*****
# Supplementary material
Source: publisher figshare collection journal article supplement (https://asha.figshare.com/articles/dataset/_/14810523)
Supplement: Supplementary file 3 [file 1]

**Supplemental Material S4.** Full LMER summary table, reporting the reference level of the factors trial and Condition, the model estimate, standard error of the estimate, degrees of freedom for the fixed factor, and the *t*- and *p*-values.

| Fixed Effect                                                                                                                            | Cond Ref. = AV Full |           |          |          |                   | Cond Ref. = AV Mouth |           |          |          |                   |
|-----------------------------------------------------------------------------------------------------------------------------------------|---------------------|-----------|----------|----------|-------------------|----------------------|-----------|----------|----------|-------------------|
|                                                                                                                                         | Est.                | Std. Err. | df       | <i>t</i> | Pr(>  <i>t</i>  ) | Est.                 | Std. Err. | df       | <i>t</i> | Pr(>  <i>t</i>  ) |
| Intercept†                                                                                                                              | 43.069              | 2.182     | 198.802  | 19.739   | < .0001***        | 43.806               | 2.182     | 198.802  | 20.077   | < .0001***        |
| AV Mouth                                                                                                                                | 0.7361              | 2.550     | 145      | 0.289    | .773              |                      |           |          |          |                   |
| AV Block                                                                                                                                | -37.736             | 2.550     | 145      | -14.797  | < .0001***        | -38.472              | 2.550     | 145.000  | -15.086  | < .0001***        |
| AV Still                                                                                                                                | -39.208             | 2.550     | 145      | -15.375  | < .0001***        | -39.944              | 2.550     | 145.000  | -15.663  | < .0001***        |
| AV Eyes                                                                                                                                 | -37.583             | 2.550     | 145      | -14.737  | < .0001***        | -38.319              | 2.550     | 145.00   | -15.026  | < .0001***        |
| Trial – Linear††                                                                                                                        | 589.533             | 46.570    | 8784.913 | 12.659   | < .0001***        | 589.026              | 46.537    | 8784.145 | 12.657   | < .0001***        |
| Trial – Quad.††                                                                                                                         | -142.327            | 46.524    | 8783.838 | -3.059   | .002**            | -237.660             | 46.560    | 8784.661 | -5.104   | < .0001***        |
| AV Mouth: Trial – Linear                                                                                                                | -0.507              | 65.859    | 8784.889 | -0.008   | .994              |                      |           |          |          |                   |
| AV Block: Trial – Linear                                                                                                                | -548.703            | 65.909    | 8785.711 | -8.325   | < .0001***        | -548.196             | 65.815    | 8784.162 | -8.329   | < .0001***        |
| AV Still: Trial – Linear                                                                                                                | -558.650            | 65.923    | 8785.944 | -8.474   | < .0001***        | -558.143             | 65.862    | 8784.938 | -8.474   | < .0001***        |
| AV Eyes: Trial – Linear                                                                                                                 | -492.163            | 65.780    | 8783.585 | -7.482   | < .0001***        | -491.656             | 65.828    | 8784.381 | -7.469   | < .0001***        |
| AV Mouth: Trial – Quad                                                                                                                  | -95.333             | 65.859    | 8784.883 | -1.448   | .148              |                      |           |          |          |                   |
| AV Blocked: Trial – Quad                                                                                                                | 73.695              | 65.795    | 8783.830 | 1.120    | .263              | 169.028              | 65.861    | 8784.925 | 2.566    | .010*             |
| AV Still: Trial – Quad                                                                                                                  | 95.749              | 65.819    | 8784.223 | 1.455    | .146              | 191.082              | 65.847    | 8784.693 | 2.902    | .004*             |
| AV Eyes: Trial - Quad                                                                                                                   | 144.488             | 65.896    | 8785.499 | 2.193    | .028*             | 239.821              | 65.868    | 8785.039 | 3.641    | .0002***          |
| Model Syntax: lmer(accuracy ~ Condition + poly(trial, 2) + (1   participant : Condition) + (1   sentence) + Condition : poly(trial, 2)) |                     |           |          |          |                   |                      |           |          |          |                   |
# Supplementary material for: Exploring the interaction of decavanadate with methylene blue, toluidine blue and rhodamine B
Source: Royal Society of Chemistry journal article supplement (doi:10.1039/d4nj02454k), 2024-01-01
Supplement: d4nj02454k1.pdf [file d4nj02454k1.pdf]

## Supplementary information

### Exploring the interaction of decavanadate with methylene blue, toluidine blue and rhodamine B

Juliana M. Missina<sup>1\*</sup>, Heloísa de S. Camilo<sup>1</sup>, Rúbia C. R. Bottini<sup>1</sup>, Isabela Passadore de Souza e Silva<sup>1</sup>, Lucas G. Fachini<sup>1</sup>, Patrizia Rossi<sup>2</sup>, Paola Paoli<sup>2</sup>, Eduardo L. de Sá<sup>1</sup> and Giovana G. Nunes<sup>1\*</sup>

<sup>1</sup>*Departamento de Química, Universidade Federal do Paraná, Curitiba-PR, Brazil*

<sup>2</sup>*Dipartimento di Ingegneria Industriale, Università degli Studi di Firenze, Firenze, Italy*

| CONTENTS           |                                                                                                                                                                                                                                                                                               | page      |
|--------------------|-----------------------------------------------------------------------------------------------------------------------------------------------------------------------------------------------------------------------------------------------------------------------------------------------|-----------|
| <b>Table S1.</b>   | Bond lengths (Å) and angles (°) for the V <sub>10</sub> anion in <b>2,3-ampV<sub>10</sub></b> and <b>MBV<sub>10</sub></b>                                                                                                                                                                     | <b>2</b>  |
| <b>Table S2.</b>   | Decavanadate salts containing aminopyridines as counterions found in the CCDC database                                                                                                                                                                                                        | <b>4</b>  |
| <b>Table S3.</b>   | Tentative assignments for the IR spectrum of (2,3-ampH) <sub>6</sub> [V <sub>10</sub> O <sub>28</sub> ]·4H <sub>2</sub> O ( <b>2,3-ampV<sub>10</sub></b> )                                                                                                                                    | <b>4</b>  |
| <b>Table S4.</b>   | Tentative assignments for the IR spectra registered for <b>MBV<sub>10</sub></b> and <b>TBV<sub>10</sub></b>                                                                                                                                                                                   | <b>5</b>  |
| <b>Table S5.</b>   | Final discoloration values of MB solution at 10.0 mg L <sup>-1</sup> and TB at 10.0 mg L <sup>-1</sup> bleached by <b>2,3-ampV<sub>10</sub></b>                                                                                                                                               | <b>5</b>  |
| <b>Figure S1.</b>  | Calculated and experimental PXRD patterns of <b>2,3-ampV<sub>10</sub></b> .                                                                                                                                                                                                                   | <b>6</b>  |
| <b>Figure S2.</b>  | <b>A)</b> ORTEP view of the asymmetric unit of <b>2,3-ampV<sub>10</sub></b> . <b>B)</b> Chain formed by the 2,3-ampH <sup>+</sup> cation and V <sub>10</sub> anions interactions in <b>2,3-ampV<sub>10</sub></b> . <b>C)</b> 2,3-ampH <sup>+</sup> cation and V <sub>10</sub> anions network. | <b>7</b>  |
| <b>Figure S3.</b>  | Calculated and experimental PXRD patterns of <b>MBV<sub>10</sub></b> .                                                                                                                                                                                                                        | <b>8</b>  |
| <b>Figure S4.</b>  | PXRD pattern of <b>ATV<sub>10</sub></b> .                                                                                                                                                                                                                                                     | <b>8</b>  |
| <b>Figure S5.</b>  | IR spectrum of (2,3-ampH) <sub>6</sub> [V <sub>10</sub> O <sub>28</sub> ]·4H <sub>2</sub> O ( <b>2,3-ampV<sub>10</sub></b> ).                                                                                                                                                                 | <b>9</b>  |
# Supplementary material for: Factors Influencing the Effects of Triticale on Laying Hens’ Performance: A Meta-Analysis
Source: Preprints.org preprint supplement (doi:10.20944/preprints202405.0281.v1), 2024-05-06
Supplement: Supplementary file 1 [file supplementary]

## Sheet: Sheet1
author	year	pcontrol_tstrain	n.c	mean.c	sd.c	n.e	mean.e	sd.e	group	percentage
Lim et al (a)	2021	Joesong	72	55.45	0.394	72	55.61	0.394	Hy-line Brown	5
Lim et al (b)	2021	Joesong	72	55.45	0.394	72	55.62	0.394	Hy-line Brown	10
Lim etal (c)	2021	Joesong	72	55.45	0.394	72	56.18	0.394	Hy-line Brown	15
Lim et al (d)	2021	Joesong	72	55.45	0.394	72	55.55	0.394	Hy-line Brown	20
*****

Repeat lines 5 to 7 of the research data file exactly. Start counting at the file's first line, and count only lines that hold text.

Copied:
| Fixed Effect                                                                                                                            | Cond Ref. = AV Full |           |          |          |                   | Cond Ref. = AV Mouth |           |          |          |                   |
|-----------------------------------------------------------------------------------------------------------------------------------------|---------------------|-----------|----------|----------|-------------------|----------------------|-----------|----------|----------|-------------------|
|                                                                                                                                         | Est.                | Std. Err. | df       | <i>t</i> | Pr(>  <i>t</i>  ) | Est.                 | Std. Err. | df       | <i>t</i> | Pr(>  <i>t</i>  ) |